Volume 44, Issue 1, Spring 2016
Essays on the Philosophy of Frederick Stoutland
On What Is in Front of Your Nose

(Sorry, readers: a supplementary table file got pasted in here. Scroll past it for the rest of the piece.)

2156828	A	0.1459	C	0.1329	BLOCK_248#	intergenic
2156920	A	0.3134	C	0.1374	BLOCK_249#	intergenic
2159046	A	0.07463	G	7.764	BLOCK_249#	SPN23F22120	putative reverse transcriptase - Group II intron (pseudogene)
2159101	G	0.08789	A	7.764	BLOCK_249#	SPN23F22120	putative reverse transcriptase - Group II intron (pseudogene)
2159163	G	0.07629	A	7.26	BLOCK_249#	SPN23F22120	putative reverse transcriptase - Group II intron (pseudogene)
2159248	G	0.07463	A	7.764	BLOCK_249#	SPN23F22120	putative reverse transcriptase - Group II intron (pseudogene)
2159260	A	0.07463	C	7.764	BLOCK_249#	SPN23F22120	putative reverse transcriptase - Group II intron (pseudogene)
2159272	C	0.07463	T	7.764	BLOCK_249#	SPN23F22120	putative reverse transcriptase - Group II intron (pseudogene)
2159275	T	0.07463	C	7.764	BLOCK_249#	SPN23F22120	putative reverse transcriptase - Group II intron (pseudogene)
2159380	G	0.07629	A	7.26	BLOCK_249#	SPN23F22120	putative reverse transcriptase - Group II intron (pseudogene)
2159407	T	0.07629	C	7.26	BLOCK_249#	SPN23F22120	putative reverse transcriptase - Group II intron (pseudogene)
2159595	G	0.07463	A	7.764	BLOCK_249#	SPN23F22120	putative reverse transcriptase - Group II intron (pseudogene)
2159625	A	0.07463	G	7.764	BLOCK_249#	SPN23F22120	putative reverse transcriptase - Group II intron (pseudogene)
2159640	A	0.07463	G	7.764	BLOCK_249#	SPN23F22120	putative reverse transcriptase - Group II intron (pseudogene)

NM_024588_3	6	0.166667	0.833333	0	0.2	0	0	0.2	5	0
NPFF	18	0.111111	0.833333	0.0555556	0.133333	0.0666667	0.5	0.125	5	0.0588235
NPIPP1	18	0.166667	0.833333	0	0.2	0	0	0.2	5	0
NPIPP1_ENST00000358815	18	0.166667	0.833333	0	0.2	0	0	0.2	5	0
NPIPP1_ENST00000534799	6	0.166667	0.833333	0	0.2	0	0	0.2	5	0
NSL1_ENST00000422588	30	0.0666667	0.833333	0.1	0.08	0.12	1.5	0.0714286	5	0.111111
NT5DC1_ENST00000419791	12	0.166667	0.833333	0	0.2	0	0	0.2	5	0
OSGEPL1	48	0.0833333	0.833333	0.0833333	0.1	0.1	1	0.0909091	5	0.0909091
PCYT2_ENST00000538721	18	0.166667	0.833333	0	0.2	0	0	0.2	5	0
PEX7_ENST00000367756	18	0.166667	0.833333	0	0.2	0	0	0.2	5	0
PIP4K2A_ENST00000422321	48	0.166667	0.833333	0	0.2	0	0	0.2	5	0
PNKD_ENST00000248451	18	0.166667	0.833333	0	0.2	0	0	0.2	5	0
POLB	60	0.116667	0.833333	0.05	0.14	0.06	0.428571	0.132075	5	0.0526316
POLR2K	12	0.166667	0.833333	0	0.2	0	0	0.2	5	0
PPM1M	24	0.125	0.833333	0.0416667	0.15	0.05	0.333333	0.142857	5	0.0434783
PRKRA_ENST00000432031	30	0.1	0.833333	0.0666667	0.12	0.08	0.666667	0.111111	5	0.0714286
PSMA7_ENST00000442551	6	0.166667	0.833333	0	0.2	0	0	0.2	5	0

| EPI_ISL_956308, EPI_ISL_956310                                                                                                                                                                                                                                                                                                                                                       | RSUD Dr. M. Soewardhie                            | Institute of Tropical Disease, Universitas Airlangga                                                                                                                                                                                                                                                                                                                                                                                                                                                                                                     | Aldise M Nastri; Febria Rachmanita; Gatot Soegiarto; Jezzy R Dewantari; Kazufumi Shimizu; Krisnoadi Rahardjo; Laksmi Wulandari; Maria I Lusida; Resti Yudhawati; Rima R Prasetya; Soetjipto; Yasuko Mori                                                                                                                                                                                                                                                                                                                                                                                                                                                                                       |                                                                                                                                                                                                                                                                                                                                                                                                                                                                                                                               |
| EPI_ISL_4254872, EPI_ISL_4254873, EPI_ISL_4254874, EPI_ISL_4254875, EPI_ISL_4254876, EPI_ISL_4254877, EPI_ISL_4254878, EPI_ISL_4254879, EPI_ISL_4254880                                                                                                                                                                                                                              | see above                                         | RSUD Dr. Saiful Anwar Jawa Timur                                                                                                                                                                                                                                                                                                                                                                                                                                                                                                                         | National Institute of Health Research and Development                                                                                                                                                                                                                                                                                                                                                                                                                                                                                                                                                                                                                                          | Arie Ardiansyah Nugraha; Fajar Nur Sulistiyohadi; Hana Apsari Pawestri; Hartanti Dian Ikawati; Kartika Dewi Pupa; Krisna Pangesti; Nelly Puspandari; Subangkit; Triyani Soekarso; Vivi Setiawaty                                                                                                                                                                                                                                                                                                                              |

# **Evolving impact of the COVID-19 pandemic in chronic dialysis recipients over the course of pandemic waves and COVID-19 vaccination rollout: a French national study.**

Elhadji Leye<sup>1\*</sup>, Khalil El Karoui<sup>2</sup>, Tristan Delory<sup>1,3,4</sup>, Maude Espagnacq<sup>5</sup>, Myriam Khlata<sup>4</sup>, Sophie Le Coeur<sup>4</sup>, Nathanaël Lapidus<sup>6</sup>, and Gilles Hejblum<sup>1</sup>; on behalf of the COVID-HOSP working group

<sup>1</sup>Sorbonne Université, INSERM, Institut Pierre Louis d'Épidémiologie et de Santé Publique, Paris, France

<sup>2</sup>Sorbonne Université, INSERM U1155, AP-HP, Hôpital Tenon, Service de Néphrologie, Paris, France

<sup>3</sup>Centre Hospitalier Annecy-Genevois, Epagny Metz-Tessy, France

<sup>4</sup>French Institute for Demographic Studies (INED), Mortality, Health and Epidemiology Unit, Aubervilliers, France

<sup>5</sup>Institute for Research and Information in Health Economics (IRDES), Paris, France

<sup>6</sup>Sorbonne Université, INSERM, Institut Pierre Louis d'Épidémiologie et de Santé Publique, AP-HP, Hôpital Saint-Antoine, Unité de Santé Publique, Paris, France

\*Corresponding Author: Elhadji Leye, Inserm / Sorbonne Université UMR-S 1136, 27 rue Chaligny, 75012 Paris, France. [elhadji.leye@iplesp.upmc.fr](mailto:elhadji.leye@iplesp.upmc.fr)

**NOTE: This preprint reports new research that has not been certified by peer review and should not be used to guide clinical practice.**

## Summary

The conclusion of practical reasoning is commonly said to rest upon a diverse pair of representations—a “major” and a “minor” premise—the first of which concerns the end and the second, the means. Modern and contemporary philosophers writing on action and practical reasoning tend to portray the minor premise as a “means-end belief”—a belief about, as Michael Smith puts it, “the ways in which one thing leads to another,” or, as John McDowell puts it, “what can be relied on to bring about what.” On this point there is little difference between followers of Davidson and followers of Anscombe, or between those who invoke Hume’s legacy and those who invoke Aristotle’s. But Aristotle himself held a very different position. According to him, the minor premise concerns particulars, a sphere controlled by perception. The perception of particulars—that is, of the really-existing people and things confronted in the field of action—plays no essential role in the modern account of rational agency. Because it does not, the modern account fails to explain how one could act for a reason, or how practical reasoning could deliver any conclusion.